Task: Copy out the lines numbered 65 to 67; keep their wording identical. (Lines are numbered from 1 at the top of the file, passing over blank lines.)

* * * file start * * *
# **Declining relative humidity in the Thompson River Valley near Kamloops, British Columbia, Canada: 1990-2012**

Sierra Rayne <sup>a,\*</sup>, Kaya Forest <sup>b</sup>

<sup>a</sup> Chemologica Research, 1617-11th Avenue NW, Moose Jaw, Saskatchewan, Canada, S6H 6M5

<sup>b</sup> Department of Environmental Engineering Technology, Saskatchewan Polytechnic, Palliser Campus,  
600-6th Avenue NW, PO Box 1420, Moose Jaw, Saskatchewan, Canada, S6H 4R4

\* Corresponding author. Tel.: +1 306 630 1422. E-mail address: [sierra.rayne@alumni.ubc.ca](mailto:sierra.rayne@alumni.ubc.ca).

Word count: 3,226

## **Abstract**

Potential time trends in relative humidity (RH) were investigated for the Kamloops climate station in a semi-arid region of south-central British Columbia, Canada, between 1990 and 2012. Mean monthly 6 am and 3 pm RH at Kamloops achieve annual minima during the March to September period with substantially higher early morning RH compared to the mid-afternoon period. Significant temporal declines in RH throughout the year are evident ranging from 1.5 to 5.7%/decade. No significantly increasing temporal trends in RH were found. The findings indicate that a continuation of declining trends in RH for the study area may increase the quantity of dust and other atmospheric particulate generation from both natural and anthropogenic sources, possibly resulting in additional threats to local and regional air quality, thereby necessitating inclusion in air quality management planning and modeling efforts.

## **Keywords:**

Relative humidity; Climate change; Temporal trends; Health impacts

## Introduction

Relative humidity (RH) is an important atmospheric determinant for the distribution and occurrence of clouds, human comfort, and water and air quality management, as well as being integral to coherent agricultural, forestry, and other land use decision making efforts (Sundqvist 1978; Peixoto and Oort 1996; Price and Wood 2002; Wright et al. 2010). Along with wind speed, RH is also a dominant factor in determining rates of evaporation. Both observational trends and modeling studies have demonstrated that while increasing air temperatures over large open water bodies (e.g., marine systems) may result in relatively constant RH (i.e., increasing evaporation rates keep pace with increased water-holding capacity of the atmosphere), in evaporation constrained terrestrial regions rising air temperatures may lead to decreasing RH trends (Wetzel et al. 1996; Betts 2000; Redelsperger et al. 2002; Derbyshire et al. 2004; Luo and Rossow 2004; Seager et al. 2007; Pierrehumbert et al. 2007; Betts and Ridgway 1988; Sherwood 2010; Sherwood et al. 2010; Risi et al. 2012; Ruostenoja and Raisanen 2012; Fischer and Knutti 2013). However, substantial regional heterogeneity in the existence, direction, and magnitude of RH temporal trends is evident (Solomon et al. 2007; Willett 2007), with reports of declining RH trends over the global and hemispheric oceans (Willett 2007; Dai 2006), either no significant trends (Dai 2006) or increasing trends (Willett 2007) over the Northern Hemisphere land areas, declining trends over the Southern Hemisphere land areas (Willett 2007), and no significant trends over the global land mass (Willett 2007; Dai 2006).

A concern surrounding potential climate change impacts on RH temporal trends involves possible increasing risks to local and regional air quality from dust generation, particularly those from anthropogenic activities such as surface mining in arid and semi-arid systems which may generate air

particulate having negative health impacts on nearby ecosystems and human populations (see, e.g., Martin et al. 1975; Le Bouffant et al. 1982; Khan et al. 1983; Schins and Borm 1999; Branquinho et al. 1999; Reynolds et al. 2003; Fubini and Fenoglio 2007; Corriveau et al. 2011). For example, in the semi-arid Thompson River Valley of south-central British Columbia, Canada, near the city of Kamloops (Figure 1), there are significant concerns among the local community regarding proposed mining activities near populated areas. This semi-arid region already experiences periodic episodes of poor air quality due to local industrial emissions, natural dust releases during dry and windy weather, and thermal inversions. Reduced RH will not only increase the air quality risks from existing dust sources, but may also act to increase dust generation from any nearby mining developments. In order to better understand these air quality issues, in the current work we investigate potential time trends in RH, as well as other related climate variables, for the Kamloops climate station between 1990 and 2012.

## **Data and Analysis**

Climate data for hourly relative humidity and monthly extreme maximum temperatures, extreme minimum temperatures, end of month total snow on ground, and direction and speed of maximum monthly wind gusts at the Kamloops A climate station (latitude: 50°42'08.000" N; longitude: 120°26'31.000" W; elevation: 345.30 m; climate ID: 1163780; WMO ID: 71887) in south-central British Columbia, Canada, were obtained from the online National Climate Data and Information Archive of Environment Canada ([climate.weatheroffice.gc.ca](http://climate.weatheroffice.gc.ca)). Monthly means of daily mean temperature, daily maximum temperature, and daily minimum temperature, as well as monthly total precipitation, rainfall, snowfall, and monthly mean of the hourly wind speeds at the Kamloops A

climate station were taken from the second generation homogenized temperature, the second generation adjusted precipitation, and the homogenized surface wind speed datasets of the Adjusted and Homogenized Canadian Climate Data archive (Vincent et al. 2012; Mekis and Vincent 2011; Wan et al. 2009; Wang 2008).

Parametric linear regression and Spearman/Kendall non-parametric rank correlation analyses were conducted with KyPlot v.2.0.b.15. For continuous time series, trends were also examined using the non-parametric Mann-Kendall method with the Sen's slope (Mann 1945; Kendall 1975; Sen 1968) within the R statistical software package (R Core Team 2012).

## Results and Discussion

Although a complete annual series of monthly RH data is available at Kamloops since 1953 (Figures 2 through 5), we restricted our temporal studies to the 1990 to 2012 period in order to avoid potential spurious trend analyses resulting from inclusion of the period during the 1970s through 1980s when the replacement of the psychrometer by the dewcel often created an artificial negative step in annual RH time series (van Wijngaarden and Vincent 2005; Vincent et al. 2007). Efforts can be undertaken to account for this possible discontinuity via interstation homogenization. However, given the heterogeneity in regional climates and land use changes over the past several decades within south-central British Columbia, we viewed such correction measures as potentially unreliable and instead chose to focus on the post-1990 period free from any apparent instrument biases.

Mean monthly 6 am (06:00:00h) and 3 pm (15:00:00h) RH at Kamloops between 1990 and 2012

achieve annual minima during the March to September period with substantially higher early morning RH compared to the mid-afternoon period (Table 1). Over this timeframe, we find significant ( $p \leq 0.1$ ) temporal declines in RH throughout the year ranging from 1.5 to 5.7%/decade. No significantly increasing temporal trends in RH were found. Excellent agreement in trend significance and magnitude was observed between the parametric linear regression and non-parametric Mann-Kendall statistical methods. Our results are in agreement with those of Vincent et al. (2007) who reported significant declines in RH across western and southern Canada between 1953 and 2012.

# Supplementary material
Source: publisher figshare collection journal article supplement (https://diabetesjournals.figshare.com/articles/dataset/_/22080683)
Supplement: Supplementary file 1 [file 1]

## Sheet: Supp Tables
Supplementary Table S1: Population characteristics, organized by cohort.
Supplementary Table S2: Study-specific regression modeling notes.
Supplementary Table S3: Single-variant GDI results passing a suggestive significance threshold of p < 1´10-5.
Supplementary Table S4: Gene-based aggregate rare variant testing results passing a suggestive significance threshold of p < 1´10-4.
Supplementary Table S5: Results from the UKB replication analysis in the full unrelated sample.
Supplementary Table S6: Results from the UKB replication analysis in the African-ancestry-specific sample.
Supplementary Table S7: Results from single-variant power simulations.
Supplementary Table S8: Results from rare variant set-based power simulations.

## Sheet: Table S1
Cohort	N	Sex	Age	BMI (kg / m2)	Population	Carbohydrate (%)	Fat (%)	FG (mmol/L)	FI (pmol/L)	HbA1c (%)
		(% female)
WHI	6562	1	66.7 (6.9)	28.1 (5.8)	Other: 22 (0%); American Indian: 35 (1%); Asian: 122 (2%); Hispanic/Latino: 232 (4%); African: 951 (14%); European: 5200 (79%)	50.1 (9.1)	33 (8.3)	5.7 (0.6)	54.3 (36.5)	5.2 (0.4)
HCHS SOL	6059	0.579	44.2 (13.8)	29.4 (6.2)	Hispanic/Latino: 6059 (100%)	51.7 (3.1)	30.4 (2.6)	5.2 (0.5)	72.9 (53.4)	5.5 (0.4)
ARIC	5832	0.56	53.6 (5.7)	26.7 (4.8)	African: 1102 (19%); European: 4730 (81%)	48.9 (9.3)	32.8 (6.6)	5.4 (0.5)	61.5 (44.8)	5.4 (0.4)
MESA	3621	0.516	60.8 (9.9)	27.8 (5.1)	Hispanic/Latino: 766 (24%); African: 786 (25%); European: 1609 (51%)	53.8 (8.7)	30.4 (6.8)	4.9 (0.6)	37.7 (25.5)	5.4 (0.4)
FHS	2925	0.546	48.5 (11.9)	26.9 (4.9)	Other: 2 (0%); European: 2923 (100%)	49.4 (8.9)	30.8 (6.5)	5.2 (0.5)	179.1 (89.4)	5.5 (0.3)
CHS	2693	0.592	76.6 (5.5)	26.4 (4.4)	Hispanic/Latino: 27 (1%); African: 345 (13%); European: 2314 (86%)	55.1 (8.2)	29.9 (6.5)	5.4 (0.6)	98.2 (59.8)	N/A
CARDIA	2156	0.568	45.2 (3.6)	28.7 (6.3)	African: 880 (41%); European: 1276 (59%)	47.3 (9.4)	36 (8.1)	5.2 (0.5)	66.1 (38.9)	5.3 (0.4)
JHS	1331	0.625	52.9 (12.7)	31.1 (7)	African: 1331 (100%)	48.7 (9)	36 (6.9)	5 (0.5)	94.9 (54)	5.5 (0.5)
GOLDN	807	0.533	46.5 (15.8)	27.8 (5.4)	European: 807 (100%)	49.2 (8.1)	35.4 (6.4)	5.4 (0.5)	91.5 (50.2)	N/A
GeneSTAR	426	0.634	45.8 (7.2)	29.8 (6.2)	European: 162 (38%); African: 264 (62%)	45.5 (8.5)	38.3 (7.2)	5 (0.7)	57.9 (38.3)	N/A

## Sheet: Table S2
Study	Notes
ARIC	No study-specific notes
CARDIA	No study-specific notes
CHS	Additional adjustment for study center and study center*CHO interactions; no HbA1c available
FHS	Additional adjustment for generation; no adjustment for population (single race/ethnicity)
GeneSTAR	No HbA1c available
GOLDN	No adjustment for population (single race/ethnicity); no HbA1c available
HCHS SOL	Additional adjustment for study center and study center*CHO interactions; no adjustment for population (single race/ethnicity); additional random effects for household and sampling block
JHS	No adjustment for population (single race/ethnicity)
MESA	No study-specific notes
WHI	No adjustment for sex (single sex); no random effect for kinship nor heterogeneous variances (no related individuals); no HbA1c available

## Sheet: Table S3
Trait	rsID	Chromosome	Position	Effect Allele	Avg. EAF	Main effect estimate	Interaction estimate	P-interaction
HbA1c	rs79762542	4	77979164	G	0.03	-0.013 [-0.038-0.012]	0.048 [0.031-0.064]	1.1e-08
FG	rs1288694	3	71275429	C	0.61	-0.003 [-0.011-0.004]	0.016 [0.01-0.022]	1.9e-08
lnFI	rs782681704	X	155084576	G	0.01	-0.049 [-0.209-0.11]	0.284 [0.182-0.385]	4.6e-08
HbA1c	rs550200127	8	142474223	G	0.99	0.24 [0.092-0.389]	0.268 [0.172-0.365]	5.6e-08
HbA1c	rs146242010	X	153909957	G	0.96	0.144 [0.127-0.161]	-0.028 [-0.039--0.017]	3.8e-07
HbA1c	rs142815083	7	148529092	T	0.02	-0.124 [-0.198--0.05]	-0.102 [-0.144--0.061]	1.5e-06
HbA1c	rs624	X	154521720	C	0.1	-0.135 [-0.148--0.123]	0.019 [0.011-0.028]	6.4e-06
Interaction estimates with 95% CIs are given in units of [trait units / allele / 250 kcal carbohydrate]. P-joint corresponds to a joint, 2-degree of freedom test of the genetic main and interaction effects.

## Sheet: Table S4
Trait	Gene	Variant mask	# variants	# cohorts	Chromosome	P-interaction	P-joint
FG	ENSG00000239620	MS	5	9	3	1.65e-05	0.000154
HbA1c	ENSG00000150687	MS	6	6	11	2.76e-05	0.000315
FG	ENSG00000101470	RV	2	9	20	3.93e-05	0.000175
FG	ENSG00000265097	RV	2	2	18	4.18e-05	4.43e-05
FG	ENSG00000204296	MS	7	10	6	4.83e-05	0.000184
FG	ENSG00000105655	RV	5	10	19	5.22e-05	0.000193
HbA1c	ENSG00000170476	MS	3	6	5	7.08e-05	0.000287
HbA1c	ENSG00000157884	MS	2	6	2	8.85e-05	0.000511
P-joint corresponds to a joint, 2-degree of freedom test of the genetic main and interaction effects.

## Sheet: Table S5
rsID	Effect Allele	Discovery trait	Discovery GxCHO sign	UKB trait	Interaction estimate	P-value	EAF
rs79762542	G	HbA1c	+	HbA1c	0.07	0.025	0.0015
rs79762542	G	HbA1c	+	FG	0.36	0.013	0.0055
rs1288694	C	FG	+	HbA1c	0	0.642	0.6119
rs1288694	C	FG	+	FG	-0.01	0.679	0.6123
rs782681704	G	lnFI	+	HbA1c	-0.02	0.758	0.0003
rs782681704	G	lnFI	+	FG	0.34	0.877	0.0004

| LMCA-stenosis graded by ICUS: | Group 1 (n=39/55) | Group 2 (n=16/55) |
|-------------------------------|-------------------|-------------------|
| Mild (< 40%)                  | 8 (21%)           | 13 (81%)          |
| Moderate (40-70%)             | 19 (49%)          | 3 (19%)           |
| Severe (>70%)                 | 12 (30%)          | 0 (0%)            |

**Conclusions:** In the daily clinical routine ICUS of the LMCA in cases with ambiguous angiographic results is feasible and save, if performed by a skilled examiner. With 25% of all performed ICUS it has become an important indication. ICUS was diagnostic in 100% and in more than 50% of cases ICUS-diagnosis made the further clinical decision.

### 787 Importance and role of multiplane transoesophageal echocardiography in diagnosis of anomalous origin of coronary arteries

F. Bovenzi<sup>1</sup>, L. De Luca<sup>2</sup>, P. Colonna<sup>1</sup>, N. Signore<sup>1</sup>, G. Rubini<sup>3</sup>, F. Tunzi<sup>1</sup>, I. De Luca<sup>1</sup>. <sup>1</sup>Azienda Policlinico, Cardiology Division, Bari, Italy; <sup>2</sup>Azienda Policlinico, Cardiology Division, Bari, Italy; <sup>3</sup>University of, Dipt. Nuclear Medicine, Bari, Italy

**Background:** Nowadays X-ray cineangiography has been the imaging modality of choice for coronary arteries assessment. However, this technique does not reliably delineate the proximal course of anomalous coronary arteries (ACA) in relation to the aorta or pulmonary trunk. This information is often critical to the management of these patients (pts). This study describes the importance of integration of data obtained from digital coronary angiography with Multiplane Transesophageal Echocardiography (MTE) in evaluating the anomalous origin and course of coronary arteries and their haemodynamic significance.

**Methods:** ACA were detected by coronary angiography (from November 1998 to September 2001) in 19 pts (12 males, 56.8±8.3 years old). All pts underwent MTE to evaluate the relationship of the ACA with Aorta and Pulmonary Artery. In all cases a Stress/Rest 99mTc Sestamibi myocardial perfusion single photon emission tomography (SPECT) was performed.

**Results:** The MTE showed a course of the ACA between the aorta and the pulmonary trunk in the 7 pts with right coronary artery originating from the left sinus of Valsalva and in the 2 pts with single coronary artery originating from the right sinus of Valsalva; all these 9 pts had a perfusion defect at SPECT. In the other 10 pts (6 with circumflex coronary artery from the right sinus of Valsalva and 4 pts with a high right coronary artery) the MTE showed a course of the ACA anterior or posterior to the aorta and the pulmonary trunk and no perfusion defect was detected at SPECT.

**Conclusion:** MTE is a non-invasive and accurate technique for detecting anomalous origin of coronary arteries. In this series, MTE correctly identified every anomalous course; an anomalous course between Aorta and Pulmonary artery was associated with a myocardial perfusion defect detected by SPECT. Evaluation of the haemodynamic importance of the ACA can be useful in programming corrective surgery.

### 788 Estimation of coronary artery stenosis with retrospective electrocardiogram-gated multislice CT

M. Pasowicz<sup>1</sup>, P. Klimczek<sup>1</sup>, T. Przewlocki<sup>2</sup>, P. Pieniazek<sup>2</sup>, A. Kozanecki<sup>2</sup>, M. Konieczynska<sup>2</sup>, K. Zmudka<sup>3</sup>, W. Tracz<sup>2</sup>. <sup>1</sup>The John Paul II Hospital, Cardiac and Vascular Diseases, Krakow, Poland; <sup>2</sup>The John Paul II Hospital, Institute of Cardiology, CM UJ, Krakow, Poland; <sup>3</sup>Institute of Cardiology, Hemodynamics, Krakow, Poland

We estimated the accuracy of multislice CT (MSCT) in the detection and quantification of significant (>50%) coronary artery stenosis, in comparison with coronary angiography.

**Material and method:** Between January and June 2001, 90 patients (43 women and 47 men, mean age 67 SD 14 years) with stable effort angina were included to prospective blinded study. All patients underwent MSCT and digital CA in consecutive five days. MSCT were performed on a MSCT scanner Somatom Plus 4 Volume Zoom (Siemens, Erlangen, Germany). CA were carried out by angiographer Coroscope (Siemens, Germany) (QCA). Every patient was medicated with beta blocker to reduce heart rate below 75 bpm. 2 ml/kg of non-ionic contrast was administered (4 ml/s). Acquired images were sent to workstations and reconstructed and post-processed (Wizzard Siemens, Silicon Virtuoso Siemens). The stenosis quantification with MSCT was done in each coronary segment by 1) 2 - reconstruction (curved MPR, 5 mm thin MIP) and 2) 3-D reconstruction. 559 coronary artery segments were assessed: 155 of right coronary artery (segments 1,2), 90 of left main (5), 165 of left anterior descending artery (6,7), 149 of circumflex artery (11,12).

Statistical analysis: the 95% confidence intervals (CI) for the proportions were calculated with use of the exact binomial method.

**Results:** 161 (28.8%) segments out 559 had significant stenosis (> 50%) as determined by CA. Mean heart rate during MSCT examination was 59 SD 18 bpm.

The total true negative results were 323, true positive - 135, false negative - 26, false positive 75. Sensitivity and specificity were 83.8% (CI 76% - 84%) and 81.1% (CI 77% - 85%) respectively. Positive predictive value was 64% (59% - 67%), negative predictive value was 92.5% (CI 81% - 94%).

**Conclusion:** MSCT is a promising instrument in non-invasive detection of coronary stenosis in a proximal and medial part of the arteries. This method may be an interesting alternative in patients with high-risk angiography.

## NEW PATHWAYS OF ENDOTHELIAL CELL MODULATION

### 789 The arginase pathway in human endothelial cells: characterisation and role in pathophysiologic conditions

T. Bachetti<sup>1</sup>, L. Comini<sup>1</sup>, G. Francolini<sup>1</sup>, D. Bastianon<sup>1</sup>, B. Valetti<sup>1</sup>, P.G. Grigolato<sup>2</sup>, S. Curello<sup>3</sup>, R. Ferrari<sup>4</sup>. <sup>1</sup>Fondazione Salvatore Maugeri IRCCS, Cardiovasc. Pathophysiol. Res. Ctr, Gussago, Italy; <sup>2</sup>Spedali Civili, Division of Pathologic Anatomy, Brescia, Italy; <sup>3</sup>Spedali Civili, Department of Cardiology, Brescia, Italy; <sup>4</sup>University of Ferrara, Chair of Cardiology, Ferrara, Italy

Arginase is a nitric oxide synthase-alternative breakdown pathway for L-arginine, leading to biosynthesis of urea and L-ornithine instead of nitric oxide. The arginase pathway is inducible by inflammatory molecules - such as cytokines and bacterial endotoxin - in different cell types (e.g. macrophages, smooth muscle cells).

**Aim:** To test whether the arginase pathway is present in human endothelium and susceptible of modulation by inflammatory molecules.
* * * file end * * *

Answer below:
lnFI	rs782681704	X	155084576	G	0.01	-0.049 [-0.209-0.11]	0.284 [0.182-0.385]	4.6e-08
HbA1c	rs550200127	8	142474223	G	0.99	0.24 [0.092-0.389]	0.268 [0.172-0.365]	5.6e-08
HbA1c	rs146242010	X	153909957	G	0.96	0.144 [0.127-0.161]	-0.028 [-0.039--0.017]	3.8e-07